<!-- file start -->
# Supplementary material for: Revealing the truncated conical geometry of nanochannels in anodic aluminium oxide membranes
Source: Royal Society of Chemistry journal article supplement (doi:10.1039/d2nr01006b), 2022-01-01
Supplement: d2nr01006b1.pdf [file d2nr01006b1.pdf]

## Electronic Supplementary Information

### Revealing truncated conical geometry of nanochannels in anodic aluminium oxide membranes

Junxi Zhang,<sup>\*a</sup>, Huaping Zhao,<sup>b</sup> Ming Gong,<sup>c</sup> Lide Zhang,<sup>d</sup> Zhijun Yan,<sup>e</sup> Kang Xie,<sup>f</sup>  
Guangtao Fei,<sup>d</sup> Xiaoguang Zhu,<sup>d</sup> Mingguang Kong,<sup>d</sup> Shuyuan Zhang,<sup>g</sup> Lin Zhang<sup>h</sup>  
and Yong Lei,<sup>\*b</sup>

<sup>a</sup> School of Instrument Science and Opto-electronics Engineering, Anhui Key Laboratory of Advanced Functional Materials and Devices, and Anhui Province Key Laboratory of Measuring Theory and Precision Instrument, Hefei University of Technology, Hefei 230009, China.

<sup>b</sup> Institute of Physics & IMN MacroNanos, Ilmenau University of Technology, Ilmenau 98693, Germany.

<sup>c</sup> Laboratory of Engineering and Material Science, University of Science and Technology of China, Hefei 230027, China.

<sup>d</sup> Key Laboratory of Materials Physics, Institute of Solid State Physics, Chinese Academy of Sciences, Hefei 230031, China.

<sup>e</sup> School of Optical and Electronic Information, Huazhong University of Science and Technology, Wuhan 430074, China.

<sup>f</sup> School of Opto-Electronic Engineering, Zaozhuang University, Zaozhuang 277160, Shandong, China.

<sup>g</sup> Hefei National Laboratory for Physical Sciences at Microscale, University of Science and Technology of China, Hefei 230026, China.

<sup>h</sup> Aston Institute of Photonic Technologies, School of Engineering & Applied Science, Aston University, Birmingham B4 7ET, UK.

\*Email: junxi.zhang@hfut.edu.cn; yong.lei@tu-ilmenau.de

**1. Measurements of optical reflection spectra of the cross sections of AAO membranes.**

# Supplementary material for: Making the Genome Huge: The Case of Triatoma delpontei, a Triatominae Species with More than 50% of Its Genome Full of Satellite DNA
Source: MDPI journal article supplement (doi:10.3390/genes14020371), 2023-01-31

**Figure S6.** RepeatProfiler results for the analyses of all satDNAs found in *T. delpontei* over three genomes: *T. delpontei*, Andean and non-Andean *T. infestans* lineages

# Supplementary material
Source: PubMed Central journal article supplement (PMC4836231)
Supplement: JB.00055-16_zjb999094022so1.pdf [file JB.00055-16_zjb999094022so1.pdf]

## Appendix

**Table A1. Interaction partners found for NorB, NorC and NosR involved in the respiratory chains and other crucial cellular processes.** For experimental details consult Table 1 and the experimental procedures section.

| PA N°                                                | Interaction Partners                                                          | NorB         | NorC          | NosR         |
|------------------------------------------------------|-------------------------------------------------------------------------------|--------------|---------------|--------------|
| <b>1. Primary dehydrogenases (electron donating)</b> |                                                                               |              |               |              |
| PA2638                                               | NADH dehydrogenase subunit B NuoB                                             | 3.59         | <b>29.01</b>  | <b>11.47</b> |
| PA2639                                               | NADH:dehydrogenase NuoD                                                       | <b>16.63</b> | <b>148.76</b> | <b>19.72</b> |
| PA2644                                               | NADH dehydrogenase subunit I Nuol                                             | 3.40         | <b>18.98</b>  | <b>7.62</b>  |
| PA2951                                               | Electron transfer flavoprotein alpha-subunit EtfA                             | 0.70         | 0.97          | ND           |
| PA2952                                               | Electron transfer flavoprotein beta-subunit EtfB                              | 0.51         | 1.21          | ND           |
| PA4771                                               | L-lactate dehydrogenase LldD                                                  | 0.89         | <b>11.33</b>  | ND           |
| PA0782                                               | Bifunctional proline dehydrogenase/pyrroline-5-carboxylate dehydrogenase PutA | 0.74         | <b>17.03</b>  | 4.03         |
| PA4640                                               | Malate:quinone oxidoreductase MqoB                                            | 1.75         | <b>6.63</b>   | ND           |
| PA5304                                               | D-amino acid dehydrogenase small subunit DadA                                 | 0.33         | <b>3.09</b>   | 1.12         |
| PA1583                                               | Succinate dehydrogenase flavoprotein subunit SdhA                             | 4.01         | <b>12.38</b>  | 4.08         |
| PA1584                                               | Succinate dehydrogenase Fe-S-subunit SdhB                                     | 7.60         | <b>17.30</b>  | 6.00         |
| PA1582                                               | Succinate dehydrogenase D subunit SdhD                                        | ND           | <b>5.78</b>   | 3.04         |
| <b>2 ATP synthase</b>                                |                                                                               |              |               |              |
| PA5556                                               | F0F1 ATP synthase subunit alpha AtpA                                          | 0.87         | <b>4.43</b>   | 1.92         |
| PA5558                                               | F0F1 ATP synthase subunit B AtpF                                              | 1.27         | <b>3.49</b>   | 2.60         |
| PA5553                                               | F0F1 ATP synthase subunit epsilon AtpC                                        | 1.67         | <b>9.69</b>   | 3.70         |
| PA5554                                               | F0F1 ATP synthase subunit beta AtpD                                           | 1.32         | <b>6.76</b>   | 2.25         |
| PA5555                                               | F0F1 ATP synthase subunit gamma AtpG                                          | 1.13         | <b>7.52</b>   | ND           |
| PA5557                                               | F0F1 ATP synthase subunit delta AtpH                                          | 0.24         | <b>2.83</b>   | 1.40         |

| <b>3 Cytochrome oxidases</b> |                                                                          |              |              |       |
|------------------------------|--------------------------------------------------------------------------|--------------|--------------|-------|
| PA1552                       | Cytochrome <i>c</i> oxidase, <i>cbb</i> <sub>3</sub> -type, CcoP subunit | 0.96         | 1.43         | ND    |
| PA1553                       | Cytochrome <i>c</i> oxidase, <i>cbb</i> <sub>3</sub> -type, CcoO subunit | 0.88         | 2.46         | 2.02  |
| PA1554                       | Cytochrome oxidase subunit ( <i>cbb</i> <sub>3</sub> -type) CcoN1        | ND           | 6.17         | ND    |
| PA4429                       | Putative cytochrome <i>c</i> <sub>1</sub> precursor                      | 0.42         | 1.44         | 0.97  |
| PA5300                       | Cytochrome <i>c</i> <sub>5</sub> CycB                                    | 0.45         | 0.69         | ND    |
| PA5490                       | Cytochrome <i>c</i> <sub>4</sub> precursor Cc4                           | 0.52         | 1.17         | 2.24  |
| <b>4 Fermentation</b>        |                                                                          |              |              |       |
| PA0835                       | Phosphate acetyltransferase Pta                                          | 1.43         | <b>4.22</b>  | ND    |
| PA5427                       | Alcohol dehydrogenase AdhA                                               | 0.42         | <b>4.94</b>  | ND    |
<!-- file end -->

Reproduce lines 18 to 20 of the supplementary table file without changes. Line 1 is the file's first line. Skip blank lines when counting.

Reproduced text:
**1. Measurements of optical reflection spectra of the cross sections of AAO membranes.**

# Supplementary material for: Making the Genome Huge: The Case of Triatoma delpontei, a Triatominae Species with More than 50% of Its Genome Full of Satellite DNA
Source: MDPI journal article supplement (doi:10.3390/genes14020371), 2023-01-31